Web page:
From the preceding discussion it is clear that if we want to preserve the reality of standards, it is necessary to reject the view that universals are non-existent. By the extreme nominalist (universal-rejecting) position, only words can be general. There is, however, no underlying reality that these words are signifying. That is, we may call a variety of objects “apples”, but in doing so we are not expressing any fundamental unity of essence but only denoting certain accidental similarities between everything that we categorize under that term. Such a position necessarily excludes the notion of real, objective criteria against which a particular being can be weighed. We can, true enough, apply general terms to specific objects by the nominalist theory, but such application does not constitute a real judgment of those objects if it is not in reference to something real. Perhaps phrased as the nominalists have it, exclusion of the universal from the ontological chart may seem harmless enough when it comes to our standing example of the apple. If we can at least recognize that all things we call apples will share the attributes of tastiness and not be poisonous, we will feel safe enough eating one whether its “appleness” is real or merely a verbal construct. However, when we turn our consideration towards less concrete matters it becomes apparent that there are many universals—truth, goodness, and beauty in particular—which seem crucial to a complete understanding of the world in which we live. Yet these have no specific concrete expression such that considering them solely as accidental properties will serve our apparently innate desire to take them as standards to guide our approach to being. In this vein we should also consider that though we can accept the apple as edible from a nominalist point of view, there is no logical way for us to evaluate its goodness. It shares the accidents of all other particulars to which we apply the general term, but it cannot be judged a good apple unless there is a standard of appleness by which we can analyze it.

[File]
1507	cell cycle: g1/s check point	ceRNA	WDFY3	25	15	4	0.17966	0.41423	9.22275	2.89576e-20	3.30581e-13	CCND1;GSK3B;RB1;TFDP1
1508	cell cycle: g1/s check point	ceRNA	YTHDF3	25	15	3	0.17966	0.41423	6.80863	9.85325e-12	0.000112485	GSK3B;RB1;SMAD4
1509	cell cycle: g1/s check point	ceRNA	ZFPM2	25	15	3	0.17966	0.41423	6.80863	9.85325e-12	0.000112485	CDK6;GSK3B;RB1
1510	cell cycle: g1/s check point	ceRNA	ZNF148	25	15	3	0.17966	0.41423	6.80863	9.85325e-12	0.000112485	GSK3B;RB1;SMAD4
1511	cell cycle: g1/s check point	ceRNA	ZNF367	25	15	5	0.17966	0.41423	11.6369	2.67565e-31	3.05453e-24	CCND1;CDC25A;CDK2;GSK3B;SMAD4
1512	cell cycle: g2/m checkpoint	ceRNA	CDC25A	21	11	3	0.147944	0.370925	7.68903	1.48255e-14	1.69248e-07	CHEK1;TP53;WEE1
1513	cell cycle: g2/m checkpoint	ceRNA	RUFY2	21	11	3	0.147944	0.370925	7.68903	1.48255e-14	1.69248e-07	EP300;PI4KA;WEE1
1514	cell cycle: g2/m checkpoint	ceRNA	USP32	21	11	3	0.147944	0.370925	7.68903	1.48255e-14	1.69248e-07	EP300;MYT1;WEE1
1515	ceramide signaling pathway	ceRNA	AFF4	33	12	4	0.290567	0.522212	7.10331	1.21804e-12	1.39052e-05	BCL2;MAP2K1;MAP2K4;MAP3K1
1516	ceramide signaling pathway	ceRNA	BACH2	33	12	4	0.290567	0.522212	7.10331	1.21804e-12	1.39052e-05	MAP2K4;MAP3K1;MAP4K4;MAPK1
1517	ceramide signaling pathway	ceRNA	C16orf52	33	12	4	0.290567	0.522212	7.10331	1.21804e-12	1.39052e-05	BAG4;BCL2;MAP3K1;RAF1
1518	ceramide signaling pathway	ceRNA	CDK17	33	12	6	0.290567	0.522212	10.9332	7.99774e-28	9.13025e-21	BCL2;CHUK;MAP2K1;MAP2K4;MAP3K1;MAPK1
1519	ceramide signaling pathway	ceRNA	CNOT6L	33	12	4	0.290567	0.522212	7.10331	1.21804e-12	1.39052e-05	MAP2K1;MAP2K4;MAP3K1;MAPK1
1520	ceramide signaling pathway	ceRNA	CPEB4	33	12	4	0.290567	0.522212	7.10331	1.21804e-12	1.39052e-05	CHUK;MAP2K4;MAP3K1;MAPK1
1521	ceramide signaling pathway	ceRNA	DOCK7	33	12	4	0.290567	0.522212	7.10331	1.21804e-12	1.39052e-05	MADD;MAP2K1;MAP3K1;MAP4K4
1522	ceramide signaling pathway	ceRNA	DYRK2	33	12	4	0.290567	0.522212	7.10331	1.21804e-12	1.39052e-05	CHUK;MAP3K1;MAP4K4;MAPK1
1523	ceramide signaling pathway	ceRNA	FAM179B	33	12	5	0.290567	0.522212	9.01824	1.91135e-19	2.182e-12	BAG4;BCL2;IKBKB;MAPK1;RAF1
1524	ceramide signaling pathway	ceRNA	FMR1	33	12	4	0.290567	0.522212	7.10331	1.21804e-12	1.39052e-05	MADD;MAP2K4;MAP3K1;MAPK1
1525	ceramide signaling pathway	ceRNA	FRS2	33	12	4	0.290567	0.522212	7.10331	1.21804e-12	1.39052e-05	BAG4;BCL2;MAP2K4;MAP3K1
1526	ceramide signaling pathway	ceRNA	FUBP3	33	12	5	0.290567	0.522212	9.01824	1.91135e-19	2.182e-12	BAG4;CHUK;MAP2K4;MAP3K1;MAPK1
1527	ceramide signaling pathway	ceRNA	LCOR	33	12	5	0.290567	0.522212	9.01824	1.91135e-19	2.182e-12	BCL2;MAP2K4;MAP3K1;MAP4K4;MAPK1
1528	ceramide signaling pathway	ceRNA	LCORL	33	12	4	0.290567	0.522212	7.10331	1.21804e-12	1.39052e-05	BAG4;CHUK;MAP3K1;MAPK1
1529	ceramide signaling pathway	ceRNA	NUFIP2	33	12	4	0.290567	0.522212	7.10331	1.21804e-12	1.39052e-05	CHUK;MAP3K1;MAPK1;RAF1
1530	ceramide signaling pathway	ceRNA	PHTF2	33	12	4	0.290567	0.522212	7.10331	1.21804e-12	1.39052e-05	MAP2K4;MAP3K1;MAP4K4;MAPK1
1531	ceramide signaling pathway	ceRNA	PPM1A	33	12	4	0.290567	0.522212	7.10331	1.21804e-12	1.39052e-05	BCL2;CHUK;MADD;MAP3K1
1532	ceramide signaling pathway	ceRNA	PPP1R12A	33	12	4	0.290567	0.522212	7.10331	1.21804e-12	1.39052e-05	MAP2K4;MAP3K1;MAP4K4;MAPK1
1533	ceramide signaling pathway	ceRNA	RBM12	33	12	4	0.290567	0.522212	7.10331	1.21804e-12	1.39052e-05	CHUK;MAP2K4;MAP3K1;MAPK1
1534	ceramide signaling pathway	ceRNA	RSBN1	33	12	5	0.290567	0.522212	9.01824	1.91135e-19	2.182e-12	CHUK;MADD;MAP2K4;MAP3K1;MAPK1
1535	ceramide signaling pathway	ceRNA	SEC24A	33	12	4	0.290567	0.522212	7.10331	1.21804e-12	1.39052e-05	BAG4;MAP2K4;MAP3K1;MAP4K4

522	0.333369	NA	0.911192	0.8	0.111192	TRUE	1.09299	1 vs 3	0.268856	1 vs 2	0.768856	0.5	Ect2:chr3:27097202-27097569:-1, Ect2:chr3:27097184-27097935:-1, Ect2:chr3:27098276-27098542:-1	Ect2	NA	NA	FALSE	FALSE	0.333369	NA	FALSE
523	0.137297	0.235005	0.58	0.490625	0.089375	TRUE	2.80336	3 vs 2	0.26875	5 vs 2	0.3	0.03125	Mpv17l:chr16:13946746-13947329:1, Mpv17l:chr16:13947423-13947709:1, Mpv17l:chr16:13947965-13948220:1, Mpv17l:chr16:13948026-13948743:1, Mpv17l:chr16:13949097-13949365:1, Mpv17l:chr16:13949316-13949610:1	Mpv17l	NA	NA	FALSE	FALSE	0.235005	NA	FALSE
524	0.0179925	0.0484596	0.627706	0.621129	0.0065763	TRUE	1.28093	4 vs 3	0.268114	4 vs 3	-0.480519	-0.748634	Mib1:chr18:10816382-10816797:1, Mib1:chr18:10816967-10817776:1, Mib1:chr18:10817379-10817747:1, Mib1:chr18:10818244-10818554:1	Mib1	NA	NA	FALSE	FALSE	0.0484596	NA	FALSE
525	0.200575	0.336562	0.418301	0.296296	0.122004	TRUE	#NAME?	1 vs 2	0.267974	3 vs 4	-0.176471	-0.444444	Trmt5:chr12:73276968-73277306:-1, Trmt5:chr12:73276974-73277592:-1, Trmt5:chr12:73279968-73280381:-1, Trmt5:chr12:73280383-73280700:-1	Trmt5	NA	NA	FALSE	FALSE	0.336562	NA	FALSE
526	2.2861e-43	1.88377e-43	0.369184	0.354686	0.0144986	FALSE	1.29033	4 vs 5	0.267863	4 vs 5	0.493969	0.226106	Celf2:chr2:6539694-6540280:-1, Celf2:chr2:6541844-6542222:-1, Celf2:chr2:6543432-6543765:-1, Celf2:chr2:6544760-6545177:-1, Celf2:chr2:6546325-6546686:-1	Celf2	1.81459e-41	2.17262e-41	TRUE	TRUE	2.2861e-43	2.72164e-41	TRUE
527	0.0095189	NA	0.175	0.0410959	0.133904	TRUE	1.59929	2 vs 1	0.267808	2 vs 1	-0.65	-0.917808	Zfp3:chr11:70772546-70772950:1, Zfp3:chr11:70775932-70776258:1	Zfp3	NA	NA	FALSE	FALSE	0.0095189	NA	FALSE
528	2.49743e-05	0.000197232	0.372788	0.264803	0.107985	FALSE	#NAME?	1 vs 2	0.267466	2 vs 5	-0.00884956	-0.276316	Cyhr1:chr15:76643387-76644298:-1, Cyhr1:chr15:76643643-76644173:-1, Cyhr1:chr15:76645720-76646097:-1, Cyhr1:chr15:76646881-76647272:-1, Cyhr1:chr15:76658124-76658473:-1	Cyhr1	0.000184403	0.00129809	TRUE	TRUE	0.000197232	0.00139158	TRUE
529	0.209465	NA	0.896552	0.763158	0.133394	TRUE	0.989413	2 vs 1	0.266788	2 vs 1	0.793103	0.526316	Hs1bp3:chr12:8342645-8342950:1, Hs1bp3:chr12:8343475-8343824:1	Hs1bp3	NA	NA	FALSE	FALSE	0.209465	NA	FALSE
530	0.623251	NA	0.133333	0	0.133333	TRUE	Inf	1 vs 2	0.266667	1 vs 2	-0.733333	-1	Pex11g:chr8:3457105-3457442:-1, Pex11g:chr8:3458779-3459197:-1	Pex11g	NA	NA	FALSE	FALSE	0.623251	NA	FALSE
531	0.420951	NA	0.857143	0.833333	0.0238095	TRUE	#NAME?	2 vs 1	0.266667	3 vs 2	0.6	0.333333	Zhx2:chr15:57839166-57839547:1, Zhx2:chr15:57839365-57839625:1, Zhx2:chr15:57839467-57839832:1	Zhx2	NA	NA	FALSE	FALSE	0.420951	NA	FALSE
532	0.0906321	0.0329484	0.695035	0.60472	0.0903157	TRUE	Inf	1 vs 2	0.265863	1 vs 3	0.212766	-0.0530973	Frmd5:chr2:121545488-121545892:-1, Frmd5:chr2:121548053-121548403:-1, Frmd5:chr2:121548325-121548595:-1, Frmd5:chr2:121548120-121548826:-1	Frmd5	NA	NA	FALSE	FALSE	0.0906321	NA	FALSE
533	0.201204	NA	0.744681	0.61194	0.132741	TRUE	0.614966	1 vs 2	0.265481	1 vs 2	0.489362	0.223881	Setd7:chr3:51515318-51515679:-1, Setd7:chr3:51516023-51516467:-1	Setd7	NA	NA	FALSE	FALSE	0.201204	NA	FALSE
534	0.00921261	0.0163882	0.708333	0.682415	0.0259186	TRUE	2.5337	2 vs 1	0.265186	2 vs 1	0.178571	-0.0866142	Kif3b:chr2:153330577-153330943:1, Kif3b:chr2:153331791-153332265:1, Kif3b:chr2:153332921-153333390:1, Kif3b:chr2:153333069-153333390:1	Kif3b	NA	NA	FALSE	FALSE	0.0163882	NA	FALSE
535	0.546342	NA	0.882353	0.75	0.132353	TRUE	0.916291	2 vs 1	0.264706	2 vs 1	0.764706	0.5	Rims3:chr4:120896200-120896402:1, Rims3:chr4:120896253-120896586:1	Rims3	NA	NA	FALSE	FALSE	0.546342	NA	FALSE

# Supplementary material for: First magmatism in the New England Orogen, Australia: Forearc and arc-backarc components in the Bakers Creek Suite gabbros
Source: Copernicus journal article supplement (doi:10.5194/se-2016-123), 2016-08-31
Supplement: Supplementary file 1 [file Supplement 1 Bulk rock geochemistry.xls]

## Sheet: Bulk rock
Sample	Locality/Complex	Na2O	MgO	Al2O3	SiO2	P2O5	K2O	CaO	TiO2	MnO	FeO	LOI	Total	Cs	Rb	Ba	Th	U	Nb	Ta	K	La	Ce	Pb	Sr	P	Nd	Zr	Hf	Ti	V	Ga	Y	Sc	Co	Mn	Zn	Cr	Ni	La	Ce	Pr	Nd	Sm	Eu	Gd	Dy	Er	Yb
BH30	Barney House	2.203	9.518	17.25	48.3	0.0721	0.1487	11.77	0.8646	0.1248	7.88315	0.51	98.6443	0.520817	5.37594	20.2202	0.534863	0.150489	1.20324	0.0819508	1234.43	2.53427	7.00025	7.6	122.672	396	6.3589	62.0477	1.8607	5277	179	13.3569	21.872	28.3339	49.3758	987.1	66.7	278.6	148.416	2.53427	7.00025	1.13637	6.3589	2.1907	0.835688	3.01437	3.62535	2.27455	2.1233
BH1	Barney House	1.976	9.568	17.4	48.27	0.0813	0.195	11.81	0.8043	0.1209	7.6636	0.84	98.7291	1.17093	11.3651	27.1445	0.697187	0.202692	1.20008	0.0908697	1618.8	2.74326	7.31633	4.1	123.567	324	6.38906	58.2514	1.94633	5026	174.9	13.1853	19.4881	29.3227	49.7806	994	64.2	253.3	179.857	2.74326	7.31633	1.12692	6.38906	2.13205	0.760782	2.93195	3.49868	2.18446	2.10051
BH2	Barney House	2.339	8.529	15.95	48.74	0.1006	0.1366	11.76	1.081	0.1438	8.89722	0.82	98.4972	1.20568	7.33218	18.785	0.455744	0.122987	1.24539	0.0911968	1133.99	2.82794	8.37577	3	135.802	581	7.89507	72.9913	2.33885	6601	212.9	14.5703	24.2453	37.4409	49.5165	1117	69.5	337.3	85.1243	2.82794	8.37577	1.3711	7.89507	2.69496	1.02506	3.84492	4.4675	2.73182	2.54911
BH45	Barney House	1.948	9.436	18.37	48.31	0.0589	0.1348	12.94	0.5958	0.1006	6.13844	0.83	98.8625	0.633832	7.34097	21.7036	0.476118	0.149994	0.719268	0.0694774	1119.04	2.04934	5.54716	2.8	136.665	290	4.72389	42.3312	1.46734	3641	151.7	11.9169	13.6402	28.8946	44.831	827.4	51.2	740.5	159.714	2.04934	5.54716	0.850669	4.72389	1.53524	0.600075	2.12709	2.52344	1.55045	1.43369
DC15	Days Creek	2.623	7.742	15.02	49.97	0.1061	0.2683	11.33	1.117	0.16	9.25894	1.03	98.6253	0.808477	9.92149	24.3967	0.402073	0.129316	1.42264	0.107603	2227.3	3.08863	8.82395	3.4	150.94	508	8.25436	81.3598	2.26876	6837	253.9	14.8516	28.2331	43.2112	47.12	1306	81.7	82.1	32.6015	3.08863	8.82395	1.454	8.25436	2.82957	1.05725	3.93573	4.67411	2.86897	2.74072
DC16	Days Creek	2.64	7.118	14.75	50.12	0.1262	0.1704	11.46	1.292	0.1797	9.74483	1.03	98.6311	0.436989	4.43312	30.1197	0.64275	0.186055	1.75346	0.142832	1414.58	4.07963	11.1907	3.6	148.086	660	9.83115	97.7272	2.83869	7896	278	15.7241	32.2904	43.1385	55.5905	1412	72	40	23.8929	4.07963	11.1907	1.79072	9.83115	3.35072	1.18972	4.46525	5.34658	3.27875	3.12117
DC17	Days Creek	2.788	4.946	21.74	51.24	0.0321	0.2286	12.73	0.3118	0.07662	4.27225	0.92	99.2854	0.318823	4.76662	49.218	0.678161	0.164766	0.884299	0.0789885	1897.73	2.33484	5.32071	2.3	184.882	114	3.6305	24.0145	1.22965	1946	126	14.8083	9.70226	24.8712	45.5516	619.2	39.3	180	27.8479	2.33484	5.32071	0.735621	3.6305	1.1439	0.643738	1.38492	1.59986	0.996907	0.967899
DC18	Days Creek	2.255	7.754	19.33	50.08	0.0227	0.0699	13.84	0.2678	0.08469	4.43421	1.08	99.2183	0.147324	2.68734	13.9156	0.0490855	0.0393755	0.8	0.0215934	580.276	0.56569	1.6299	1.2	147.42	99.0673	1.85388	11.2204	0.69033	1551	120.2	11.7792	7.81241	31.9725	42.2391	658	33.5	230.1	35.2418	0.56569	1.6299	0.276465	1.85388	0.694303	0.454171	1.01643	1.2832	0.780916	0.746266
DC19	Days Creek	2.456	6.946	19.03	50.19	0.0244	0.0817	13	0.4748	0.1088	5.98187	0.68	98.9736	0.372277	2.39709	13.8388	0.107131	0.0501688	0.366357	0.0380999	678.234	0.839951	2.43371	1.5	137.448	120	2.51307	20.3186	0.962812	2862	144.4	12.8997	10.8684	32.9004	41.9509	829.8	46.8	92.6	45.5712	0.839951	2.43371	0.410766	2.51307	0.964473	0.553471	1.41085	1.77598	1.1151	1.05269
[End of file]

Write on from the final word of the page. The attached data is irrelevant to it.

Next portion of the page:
Thus it is clear that if we find the ability to judge objects of our encounter both valuable and necessary based on the nature of our experience of the world, we must think of universals as realities. There is a myriad of ways in which to formulate our conception of universals, but I will focus only on Aristotle’s, which is notably opposed to the platonic idea that universals have some separate, vague existence as un-instantiated forms. Drawing apprehension from his foundation, we receive a picture of universals as “ways of being”: realities which exist but not independently of and separate from particular beings. That is, they are real only insofar as they are instantiated in individual, actual beings. Individual apples, then, are united by virtue of an appleness that exists in and through them.